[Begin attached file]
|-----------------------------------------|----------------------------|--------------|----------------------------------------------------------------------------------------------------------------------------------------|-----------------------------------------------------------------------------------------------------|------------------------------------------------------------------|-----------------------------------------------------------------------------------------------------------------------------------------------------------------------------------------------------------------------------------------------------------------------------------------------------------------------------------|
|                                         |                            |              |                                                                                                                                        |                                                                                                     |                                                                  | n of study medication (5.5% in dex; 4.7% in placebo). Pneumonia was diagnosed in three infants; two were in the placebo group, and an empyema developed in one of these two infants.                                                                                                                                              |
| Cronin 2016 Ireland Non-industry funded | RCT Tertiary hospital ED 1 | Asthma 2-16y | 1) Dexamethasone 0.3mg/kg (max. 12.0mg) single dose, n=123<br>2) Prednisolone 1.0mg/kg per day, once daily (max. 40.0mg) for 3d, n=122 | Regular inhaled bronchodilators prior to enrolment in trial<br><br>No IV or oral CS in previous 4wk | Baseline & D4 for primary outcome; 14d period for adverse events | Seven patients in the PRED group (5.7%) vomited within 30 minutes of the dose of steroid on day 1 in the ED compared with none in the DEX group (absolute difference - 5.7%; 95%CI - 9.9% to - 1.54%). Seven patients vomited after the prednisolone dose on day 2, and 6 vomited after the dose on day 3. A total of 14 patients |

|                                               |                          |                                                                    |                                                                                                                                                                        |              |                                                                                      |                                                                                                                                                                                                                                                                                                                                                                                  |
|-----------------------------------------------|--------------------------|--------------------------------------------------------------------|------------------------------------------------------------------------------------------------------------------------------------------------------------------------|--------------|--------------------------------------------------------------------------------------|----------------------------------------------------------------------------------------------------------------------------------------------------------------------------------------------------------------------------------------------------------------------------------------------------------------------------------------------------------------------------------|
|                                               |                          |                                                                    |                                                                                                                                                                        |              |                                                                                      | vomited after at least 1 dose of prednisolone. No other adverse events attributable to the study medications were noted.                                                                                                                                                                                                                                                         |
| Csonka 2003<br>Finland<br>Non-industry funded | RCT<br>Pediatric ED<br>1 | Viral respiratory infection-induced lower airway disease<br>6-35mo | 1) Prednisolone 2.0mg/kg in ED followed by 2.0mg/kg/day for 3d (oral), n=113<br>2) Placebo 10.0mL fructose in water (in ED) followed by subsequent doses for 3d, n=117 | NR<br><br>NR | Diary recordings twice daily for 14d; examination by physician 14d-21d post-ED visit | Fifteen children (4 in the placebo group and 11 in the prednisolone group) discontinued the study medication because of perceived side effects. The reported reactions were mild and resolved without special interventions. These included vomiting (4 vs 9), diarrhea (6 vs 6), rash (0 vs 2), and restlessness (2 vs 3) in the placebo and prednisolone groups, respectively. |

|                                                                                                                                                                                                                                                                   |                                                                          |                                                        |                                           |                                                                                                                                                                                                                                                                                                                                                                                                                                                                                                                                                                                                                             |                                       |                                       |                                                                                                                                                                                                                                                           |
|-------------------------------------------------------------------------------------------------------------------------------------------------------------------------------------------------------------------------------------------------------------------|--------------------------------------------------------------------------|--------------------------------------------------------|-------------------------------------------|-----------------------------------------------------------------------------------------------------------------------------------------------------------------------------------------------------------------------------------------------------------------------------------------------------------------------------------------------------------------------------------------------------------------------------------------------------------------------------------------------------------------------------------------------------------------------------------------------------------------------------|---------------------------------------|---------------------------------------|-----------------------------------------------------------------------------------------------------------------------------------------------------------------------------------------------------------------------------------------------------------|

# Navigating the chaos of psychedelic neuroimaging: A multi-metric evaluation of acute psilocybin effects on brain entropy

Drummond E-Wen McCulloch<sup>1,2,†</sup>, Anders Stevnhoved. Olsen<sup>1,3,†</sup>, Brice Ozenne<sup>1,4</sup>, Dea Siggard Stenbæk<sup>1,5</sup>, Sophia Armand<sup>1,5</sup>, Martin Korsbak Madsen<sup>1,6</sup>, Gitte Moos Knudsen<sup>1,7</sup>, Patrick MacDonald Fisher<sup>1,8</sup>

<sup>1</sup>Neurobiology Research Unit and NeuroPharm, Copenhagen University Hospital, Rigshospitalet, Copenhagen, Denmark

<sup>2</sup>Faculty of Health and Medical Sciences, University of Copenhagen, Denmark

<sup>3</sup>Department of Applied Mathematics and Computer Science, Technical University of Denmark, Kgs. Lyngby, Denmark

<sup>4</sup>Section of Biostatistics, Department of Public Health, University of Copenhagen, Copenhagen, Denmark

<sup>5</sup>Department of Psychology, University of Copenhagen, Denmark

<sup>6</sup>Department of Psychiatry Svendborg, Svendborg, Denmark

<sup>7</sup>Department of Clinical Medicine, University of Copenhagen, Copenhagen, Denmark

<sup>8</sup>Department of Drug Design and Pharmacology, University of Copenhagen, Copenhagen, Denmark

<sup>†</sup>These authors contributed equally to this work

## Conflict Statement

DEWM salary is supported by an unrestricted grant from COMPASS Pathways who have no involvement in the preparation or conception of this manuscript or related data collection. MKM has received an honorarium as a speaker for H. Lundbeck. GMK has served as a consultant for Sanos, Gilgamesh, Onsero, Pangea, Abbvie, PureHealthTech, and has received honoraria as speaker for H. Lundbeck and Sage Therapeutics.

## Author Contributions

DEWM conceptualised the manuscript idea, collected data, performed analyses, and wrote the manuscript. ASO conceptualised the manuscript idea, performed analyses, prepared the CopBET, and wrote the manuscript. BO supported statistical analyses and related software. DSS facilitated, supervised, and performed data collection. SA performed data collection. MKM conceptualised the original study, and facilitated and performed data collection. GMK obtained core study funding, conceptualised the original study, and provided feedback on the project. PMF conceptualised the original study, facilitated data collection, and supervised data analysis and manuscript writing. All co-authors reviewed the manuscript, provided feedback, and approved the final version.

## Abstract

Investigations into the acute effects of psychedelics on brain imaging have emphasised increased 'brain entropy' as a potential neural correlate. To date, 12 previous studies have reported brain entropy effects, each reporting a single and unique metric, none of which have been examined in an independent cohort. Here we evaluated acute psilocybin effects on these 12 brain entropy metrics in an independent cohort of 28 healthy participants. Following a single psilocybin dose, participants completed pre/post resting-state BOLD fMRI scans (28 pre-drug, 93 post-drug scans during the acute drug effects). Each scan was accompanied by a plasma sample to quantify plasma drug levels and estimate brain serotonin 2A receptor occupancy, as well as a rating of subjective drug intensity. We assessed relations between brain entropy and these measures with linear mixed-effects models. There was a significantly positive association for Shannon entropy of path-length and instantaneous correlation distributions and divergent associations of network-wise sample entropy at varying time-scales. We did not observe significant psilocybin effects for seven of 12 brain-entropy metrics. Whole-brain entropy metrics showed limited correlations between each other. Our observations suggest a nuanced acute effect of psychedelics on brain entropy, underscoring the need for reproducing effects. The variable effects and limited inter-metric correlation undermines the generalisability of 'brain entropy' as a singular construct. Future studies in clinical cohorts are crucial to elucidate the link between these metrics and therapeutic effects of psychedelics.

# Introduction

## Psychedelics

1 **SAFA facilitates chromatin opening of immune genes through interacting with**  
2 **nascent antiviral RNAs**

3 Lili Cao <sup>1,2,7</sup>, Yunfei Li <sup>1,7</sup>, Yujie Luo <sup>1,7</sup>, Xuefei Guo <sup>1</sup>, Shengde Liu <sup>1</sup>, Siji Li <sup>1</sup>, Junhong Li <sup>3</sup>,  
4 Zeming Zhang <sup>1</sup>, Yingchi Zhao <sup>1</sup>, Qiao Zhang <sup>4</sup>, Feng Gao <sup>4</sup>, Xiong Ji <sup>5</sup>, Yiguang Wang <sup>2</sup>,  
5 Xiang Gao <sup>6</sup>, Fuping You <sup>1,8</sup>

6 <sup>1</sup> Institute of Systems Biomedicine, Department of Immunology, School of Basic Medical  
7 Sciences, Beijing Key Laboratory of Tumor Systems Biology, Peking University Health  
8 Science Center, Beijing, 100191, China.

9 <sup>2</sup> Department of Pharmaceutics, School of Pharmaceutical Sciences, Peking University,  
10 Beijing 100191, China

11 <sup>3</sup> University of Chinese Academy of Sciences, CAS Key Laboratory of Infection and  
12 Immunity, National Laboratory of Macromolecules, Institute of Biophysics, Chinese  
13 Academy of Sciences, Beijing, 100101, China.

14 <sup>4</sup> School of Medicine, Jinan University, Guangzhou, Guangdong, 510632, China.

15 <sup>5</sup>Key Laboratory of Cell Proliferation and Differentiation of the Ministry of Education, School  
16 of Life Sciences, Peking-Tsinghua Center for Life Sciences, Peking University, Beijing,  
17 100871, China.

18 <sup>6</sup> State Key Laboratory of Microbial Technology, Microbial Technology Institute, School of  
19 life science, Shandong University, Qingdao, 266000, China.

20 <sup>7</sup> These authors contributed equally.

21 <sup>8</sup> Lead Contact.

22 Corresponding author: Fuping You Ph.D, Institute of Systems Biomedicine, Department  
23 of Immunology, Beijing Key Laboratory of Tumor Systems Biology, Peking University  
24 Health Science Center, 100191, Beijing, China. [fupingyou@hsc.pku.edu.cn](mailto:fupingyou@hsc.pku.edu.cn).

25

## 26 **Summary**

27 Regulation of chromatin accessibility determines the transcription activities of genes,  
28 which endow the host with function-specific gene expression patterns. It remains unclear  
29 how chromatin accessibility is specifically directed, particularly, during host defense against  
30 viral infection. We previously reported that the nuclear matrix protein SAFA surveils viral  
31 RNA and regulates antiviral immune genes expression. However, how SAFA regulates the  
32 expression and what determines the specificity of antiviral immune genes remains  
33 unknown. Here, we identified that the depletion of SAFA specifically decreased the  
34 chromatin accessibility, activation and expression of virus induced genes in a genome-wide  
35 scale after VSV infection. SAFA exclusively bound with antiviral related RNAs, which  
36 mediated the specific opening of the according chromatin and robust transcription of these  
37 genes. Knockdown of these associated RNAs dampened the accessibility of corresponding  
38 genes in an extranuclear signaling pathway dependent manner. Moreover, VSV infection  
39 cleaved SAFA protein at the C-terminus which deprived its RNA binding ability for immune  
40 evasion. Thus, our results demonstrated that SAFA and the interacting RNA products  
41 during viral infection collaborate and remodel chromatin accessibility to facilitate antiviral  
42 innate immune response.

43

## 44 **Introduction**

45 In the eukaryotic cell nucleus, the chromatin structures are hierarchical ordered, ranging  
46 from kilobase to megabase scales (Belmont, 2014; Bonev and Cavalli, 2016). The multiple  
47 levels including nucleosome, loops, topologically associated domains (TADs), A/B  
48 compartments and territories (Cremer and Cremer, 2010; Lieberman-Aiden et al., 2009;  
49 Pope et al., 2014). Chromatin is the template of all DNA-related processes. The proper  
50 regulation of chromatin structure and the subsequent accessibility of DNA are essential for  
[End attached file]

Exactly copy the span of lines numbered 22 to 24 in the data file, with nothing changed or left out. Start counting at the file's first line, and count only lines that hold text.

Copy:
DEWM salary is supported by an unrestricted grant from COMPASS Pathways who have no involvement in the preparation or conception of this manuscript or related data collection. MKM has received an honorarium as a speaker for H. Lundbeck. GMK has served as a consultant for Sanos, Gilgamesh, Onsero, Pangea, Abbvie, PureHealthTech, and has received honoraria as speaker for H. Lundbeck and Sage Therapeutics.

## Author Contributions

DEWM conceptualised the manuscript idea, collected data, performed analyses, and wrote the manuscript. ASO conceptualised the manuscript idea, performed analyses, prepared the CopBET, and wrote the manuscript. BO supported statistical analyses and related software. DSS facilitated, supervised, and performed data collection. SA performed data collection. MKM conceptualised the original study, and facilitated and performed data collection. GMK obtained core study funding, conceptualised the original study, and provided feedback on the project. PMF conceptualised the original study, facilitated data collection, and supervised data analysis and manuscript writing. All co-authors reviewed the manuscript, provided feedback, and approved the final version.